By Mac Cerullo
---- — AMESBURY — Mayor Thatcher Kezer announced that Amesbury will have $1,274,000 available in “free cash” for the coming year, which he said would be used on a number of road projects, infrastructure improvements and winter-related costs.
“Free cash” is a municipal finance term meaning the amount of unspent money left over from the prior fiscal year, which ended on June 30. The money can come from a variety of sources, such as unexpected revenue and costs that are lower than budgeted.
Kezer said he intends to spend $274,000 of the free cash on upcoming projects. The top priority will be to continue the road and sidewalk repaving efforts that began last year, and the mayor said he would dedicate $200,000 of the free cash to accelerate the paving timetable.
“I call it an acceleration because we already funded through the DPW budget as part of the operating budget to do so many roads and sidewalks, and with this free cash, it’s $200,000 over and above that,” Kezer said. “We’re accelerating the list as we go through, so we’ll see a lot more paving in the spring.”
In addition, $55,000 will be spent to repair the boiler at the Amesbury Middle School, which currently has a major component in need of replacing.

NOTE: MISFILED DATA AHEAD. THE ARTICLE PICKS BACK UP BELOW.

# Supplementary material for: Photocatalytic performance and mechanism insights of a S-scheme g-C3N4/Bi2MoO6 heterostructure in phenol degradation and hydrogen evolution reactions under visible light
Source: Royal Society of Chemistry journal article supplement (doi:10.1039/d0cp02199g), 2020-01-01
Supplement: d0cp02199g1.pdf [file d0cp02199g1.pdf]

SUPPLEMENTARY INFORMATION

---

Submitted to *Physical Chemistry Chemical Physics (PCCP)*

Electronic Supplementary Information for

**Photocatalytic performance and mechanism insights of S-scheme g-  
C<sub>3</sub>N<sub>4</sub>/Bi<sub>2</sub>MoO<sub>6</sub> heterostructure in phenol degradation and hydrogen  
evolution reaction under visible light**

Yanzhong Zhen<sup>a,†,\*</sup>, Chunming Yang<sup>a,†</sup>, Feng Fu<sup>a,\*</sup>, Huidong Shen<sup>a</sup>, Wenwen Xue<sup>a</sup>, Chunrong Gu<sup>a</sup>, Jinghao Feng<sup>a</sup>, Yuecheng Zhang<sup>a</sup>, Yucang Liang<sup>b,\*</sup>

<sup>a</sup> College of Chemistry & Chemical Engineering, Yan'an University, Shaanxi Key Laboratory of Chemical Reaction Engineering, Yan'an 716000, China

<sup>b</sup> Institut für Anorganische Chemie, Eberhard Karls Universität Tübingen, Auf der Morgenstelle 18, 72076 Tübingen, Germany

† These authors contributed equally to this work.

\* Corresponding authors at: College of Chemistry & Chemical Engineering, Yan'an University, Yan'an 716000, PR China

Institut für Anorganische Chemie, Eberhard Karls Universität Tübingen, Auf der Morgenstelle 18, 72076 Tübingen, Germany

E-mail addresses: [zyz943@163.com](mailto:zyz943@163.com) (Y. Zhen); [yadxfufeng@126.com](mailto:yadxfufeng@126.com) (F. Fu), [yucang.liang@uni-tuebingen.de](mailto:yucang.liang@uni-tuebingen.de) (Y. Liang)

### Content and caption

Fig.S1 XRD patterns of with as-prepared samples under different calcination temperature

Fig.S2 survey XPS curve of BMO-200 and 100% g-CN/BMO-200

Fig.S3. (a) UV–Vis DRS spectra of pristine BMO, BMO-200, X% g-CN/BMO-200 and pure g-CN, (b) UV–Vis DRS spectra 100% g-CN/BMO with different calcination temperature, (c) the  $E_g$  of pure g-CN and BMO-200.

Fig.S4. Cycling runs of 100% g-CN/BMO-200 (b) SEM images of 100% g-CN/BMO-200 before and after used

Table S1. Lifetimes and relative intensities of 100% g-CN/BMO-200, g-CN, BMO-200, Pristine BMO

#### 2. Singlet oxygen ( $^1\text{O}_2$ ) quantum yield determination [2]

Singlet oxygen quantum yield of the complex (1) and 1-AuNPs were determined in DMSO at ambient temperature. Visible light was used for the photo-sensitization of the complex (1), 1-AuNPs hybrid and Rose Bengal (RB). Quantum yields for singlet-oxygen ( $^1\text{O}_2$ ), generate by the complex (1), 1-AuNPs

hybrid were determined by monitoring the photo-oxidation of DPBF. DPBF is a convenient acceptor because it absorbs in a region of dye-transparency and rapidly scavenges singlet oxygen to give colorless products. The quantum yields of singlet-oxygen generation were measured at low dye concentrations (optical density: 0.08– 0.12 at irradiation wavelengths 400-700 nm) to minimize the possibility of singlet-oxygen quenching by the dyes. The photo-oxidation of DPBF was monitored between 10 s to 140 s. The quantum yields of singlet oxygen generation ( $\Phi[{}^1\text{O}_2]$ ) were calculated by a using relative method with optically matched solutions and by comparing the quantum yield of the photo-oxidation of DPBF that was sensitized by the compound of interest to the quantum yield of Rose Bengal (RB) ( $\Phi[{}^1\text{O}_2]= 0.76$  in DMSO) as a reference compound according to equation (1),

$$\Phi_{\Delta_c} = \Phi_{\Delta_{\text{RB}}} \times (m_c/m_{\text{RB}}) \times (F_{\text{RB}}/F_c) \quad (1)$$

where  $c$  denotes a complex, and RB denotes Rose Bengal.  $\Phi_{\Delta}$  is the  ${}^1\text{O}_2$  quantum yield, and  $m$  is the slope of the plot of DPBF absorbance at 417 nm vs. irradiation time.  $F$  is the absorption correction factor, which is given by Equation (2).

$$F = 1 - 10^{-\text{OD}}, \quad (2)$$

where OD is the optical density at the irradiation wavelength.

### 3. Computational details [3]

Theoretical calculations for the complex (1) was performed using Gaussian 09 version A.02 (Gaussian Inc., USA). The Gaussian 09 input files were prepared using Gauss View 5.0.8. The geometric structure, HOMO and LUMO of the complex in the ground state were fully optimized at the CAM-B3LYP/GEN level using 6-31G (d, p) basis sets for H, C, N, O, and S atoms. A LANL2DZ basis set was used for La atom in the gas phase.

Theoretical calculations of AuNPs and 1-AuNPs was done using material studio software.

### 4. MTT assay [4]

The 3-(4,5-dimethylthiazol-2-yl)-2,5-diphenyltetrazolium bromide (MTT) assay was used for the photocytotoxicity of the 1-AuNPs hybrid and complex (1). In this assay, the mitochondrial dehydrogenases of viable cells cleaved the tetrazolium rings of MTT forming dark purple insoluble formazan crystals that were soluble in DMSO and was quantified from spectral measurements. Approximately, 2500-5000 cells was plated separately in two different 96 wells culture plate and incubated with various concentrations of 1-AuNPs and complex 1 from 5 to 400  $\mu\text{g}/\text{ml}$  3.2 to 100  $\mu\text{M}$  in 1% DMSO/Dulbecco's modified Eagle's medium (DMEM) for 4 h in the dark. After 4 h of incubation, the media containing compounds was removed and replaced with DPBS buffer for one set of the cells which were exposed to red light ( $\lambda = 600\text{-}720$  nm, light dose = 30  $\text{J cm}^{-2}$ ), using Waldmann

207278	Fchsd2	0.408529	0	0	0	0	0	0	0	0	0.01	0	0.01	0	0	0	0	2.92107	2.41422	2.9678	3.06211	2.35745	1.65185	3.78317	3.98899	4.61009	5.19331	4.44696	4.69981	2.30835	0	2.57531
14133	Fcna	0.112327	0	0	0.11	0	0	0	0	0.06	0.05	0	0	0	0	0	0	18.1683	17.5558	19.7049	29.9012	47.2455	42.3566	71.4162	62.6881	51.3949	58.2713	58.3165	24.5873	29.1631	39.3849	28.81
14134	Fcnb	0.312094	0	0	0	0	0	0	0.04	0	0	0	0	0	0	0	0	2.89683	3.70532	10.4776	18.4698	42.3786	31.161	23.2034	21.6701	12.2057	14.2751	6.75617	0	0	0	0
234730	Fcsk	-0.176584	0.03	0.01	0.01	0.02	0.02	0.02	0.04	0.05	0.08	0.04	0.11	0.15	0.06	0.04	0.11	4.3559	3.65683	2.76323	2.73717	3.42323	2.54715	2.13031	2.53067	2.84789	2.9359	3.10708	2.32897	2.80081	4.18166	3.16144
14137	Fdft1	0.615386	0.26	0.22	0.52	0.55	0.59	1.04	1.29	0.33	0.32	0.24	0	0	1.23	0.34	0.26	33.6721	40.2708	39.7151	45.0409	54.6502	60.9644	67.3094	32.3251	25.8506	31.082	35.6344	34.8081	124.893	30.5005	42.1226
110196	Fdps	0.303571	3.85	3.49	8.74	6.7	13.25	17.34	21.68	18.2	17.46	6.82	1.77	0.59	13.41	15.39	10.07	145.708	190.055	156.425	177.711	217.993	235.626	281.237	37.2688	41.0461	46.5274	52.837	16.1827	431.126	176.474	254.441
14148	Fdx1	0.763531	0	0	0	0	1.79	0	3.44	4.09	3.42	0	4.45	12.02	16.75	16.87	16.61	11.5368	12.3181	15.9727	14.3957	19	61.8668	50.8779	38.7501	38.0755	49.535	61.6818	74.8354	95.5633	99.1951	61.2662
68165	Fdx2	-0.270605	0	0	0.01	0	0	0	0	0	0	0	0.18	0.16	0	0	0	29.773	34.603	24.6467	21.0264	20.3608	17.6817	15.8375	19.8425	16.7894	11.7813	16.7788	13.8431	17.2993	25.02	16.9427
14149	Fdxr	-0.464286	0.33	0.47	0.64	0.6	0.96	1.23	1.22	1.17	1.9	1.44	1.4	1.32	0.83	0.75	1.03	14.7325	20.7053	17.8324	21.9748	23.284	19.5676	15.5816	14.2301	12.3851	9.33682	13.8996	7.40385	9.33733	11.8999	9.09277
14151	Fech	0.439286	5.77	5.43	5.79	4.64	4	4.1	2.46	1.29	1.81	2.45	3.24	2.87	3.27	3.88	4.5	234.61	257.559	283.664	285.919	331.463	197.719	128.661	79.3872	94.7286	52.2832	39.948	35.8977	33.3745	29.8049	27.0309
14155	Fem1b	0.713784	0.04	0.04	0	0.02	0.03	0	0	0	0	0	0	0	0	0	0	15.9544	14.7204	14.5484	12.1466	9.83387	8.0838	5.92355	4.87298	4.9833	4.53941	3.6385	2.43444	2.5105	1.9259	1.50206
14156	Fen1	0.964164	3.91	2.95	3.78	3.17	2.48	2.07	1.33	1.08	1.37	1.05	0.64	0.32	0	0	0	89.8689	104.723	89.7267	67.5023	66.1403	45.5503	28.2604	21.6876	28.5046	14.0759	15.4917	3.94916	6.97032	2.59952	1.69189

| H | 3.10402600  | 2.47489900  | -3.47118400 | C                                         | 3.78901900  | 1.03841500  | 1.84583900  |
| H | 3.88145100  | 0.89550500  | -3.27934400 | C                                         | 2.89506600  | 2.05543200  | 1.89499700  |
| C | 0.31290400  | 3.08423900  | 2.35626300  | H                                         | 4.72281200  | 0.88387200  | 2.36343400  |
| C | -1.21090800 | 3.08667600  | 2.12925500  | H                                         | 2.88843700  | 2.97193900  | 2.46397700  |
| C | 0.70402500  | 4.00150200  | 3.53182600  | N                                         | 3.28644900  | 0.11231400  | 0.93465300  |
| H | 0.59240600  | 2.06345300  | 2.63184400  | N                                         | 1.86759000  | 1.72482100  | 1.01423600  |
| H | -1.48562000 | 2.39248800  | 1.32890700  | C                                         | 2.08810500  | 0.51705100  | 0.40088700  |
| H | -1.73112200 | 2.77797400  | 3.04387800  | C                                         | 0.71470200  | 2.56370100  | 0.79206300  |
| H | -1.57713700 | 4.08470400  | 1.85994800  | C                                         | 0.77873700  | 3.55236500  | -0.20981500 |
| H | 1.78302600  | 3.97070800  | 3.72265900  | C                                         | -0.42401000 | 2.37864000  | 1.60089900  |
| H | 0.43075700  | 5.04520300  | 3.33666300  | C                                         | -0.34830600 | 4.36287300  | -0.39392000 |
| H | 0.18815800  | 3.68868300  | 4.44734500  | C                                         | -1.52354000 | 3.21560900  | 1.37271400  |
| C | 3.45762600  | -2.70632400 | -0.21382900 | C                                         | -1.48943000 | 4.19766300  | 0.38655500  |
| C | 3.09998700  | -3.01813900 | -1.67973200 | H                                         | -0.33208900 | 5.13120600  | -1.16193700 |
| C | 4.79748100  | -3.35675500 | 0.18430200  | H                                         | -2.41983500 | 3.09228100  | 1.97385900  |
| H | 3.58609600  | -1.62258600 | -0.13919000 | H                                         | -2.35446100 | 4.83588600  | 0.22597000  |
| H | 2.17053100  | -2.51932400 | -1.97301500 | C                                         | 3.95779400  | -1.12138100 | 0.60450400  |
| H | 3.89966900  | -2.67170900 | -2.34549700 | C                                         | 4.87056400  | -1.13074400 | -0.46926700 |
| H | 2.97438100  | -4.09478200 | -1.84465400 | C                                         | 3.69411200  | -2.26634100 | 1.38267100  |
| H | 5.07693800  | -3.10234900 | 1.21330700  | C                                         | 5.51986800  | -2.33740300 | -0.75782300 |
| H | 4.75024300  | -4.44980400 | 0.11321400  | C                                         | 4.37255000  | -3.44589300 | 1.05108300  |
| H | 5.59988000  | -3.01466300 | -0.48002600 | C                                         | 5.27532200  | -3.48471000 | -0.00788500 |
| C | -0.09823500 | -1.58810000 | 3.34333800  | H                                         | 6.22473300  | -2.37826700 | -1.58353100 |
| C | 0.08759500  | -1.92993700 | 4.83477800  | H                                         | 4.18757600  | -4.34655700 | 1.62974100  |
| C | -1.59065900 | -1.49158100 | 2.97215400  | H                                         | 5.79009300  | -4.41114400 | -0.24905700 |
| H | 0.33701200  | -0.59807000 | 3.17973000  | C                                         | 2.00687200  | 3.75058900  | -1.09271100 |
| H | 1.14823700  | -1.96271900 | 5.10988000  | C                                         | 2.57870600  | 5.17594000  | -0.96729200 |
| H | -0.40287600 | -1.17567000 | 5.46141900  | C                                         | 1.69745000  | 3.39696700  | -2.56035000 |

“They have a problem with a component relative to the boiler, and they need about $55,000 to do a replacement,” Kezer said.
Kezer said he wants to set aside an even $1 million for the winter, so the remaining $19,000 will go toward solar energy development in accordance to the wishes of the City Council, which has been pressing for an increased solar energy footprint in town.
“We’ll set aside about $1 million in free cash,” Kezer said. “That will handle any contingencies for the winter, and hopefully preserve as much of that as possible to roll over to the next year.”
Municipalities across the state often budget less money for snowplowing than it typically costs to provide the service. That’s because snow removal is the only budget item that state law allows them to overspend; the additional costs are paid later in the year with reserve funds.
This year’s free cash figure is slightly higher than last year, when the city started with roughly $1.2 million, Kezer said. The city used about half of the money to pay for road and sidewalk construction and for the one-time payroll appropriation resulting from the city’s new union contracts.
The remaining balance has been rolled over into this year’s pot.